Now consider FY 2018. When lawmakers convene a new legislative session in January, they must create a brand-new budget for FY 2018. How will that work?
Recurring revenue in FY 2017 totals $5.9 billion. With luck, that might grow a little in FY 2018, but under current policy, hoping for much more than $6.0 billion would be quite optimistic. Legislators set expenses for FY 2017 at $6.324 billion, but in FY 2018 expenses will be higher. The 4th quarter KPERS payment from FY 2016 must be paid. Add $96 million plus 8 percent interest for that. Medicaid costs will go up $60 or $70 million, maybe more. Of course other costs will rise as well, but just the Medicaid and KPERS increases alone will push expenses to $6.5 billion, far above recurring revenue. And the bank account will be empty and the highway fund tapped out.
Will lawmakers be able to address problems in the budget like staffing shortages at state hospitals and prisons? Not without making the overall financial situation worse.
What happens if the Kansas Supreme Court declares school funding constitutionally inadequate? The state will have little recourse.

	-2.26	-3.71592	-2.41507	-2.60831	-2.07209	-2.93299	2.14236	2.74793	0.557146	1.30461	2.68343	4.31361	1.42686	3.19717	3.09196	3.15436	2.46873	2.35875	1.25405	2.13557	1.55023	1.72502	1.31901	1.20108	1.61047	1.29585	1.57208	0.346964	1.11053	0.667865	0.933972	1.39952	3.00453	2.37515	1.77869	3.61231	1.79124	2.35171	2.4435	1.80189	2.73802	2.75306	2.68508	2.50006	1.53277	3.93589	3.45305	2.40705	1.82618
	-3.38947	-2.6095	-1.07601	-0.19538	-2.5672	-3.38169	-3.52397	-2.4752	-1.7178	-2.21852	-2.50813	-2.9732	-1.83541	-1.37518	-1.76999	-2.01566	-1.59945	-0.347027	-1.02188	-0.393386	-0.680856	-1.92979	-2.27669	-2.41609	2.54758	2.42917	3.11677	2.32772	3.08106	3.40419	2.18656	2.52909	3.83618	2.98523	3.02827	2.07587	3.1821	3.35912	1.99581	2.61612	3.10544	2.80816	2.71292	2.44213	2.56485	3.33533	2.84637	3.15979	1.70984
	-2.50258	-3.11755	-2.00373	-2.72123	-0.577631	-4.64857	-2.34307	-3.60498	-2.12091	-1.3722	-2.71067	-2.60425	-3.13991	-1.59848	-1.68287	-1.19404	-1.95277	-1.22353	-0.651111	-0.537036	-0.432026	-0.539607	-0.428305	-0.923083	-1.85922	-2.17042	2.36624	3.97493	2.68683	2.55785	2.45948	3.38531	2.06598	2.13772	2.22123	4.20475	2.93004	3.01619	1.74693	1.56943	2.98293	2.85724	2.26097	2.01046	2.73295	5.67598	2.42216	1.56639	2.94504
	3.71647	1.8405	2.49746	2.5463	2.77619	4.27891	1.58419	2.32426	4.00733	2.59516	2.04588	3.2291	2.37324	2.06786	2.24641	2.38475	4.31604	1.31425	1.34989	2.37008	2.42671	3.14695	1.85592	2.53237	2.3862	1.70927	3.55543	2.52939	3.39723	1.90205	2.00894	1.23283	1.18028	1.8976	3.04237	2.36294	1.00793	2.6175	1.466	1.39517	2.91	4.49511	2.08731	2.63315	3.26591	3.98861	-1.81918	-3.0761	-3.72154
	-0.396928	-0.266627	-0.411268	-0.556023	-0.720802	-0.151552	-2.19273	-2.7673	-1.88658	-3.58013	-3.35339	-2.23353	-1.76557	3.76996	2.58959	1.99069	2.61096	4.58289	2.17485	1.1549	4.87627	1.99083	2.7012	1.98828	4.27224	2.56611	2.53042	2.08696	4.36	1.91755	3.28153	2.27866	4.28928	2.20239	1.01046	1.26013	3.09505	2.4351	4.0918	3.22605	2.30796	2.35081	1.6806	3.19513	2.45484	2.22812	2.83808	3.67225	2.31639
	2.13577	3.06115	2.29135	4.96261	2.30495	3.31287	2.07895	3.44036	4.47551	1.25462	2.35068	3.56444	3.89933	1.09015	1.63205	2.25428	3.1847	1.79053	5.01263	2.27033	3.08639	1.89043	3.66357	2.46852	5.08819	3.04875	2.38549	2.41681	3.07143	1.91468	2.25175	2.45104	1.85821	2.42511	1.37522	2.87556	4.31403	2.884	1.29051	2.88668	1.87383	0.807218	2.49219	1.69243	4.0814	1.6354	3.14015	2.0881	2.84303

What happens if the economy actually goes into recession? Everything gets worse.
The Kansas budget has been structurally unbalanced every year since the 2012/2013 tax cuts went into effect, putting the state in a highly precarious financial situation. Budget actions in this legislative session did not address or correct that.
The state's grim financial prognosis will persist until the underlying problem gets fixed.
Guide to Kansas Supreme Court proceeding in school finance lawsuit case
At 9 a.m. Tuesday, the Kansas Supreme Court will hear oral arguments in the school finance lawsuit.
In this long-running litigation, the Kansas Supreme Court in February said the school finance law was unconstitutional because it created inequities in funding and tax burden that harmed low wealth districts and their students.
In March, the Legislature approved a bill supporters say cures those inequities, while the school districts suing the state say the amount of funding falls short and the law allows continued unequal tax treatment.